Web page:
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Using color to convey Depression

Discussion in 'Game Design' started by Habitablaba, Apr 28, 2017.

  1. Habitablaba

    Habitablaba

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    I'm noodling around with a game idea about Depression, and I want to use color do convey if/when a character is depressed. Super high level: everyone is depressed, you go around and cheer them up. When depressed, they will look one way (this is where I'm asking for help), and when they are not depressed they'll be very colorful and full of life.

    I know that color has strong ties to emotions, so I want to use it to get the idea across as much as possible. My original thought was to make everything grayscale when it was depressed, and add color back in as you help them out of their depression.

    Is gray depressing enough, though? Would browns work better? Is there, perhaps, a color combination I could use that would work even better than a monochrome solution?

    I'm sure the best way to know is to just build the thing and put it in front of users and see what they think, and I do plan on doing that. Right now I have some tech stuff I need to prototype, and I'm prioritizing that first right now, and so I thought the next best thing that I could do that would keep me thinking about it was to post here and get some advice.

    Anyways, thank you in advance for any/all help
     
  2. LaneFox

    LaneFox

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    IMO if you want to convey some real emotion you can do it in other ways like scene elements that make it clear why something is depressing instead of sort of 'artificially' supplementing a new color palate to notify users that things are now supposed to be depressing.

    But, that's just my opinion. Plenty of artsy perspectives on this topic to go around and I don't mean to say that the color palate is useless by any means.
     
  3. Habitablaba

    Habitablaba

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    Sure, I totally agree. This isn't going to be a story heavy game, which I imagine flies in the face of trying to convey complicated emotional states, but that is the challenge I've set forth for myself.

    I'm asking specifically for color-based ideas in this thread, but I do welcome comments and suggestions about other ways to convey the theme.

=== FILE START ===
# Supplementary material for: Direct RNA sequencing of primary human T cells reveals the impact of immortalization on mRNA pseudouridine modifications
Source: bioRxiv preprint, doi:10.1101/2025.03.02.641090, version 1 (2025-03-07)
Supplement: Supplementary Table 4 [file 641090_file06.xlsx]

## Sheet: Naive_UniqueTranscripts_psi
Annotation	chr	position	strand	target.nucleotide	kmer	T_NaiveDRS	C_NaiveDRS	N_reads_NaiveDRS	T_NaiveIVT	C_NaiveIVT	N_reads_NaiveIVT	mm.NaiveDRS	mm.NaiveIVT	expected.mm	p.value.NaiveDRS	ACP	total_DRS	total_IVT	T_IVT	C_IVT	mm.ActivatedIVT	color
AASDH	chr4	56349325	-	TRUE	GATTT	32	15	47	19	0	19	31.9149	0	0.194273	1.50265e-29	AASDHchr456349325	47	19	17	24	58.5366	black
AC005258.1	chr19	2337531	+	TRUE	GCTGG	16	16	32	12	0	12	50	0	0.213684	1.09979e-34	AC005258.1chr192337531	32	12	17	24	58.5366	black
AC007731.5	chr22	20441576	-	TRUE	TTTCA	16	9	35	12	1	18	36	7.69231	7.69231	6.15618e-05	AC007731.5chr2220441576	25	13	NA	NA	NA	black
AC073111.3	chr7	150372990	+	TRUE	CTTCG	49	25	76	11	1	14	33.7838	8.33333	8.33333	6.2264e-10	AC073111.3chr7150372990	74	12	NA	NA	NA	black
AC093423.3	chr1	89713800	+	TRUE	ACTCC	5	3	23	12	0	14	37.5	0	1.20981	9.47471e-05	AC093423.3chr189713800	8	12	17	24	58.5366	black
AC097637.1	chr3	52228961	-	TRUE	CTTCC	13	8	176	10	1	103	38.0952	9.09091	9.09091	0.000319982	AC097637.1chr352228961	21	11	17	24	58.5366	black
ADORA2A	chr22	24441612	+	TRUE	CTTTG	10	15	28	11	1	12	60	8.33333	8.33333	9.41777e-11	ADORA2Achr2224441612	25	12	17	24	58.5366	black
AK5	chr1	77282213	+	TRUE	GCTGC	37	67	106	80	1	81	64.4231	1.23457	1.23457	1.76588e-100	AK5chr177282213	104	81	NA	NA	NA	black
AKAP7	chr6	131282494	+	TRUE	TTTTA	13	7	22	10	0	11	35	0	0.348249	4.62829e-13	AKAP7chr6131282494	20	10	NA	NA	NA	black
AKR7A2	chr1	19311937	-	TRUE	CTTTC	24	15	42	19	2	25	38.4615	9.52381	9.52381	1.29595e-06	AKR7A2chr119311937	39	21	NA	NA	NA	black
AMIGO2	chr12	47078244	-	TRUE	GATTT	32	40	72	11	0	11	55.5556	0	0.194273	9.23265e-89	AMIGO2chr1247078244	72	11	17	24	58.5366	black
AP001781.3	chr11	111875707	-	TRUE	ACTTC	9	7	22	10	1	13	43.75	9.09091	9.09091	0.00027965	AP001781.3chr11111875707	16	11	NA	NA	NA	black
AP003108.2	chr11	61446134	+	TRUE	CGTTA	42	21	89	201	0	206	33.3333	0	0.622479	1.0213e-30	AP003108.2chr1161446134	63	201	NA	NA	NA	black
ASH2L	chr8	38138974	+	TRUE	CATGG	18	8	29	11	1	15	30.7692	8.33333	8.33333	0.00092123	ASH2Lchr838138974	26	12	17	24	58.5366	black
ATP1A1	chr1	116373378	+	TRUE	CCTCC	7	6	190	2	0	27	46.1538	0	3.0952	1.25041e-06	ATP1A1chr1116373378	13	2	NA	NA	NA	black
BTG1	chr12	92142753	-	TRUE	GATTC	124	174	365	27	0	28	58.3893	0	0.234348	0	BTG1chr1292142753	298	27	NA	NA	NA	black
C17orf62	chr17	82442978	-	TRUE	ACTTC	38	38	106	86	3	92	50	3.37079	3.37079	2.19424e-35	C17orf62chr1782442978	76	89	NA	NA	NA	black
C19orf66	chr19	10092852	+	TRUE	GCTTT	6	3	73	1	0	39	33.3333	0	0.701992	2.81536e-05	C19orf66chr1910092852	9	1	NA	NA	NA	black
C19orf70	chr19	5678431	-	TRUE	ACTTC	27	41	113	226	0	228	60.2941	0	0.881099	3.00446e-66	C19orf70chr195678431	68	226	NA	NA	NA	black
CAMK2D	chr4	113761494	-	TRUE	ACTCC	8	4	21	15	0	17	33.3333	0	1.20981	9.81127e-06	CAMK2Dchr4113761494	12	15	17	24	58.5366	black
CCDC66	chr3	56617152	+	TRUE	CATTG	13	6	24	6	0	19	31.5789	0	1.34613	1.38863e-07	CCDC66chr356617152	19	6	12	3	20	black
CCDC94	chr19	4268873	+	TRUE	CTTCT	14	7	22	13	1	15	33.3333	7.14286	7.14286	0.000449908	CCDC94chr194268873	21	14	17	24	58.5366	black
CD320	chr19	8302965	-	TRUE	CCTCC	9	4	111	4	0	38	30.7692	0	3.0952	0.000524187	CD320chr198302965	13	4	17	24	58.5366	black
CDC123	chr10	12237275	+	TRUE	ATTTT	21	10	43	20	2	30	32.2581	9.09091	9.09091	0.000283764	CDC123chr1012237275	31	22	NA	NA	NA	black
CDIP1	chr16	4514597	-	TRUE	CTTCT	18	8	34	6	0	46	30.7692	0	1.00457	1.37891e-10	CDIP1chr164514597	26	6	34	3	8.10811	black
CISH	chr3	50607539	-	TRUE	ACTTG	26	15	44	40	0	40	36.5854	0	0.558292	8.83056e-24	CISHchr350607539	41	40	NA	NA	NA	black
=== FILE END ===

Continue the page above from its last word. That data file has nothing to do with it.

In that regard, the scenic elements are definitely something that I'll want to look at. What sort of symbolism conveys Depression to you? Perhaps large, skyscraper type buildings all uniform and devoid of embellishments?
    Depression often comes with feelings of detachment and isolation from the environment and those around you, so maybe I can have depressed people cause crowds to part, or do some sort of clever overlay work to make interesting scenic elements lose their color and details as the person passes by. Maybe make them move slower as well.
     
  4. Farelle

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    I think it depends on the surroundings aswell, while I think desaturating a character to show depression, makes most sense in my opinion, since depression is about practically "loosing emotions" or feeling empty and numb and only feeling the bad, but grey tends to take on colors it's surrounded with, so if the backgrounds are very colorful it might be necessary to either have a small radius around the character desaturate aswell or a seperating element/line/color, that could enhance it's effect, like a black aura of sorts, red if you want it to look threatening, blue if you want to go the more sad route....
    in general, sharp edges can also help making it seem more dramatic, which I'm not sure if that's 100% fitting for depression, but it might be strong visual element that something is wrong....again, it all depends on the surroundings and overall style of the game aswell
     
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  5. Habitablaba

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    This is good! I wonder if I could do something like a cell shader with thick outlines, but make the outlines blue instead of black. I think you are correct about needing to desaturate the environment as well. I'm not sure if I should desaturate the entire environment, and let the happy people have an aura that saturates the environment or maybe the other way around. On the other hand, I could make the whole environment bland, and then when someone is brought out of depression, have them explode in color, adding color back to the environment, too
     
  6. Socrates

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    If this is a game about making a group of people not depressed and your goal is to un-depress all of them, you could have the local aura for depressed/not and then have the background's overall level adjust based on the total depression amount.

    Washed out greys or blues would certainly fit into the stereotype of being sad/depressed. Going sepia could also work, and might stand out more depending on how you do the rest of the background and objects.


    As for possible other game mechanics, helping someone "escape the custard" could be an interesting. This 15 minute TedX talk might interest you: A new plan for anxious feelings escape the custard! Neil Hughes TEDx.


    Then some thoughts beyond just the game mechanics:

    Something to consider with this game, though, is going to be how you handle the concept of depression. Depression as a mental illness is not something you can just "fix" with a few actions. People who suffer from actual depression or who know people who do are likely to react negatively to this subject matter if it's handled poorly or insensitively. You may just be safer having it be a generic "sadness" instead of using a word that contains a lot more connotation and actual medical issue like "depression".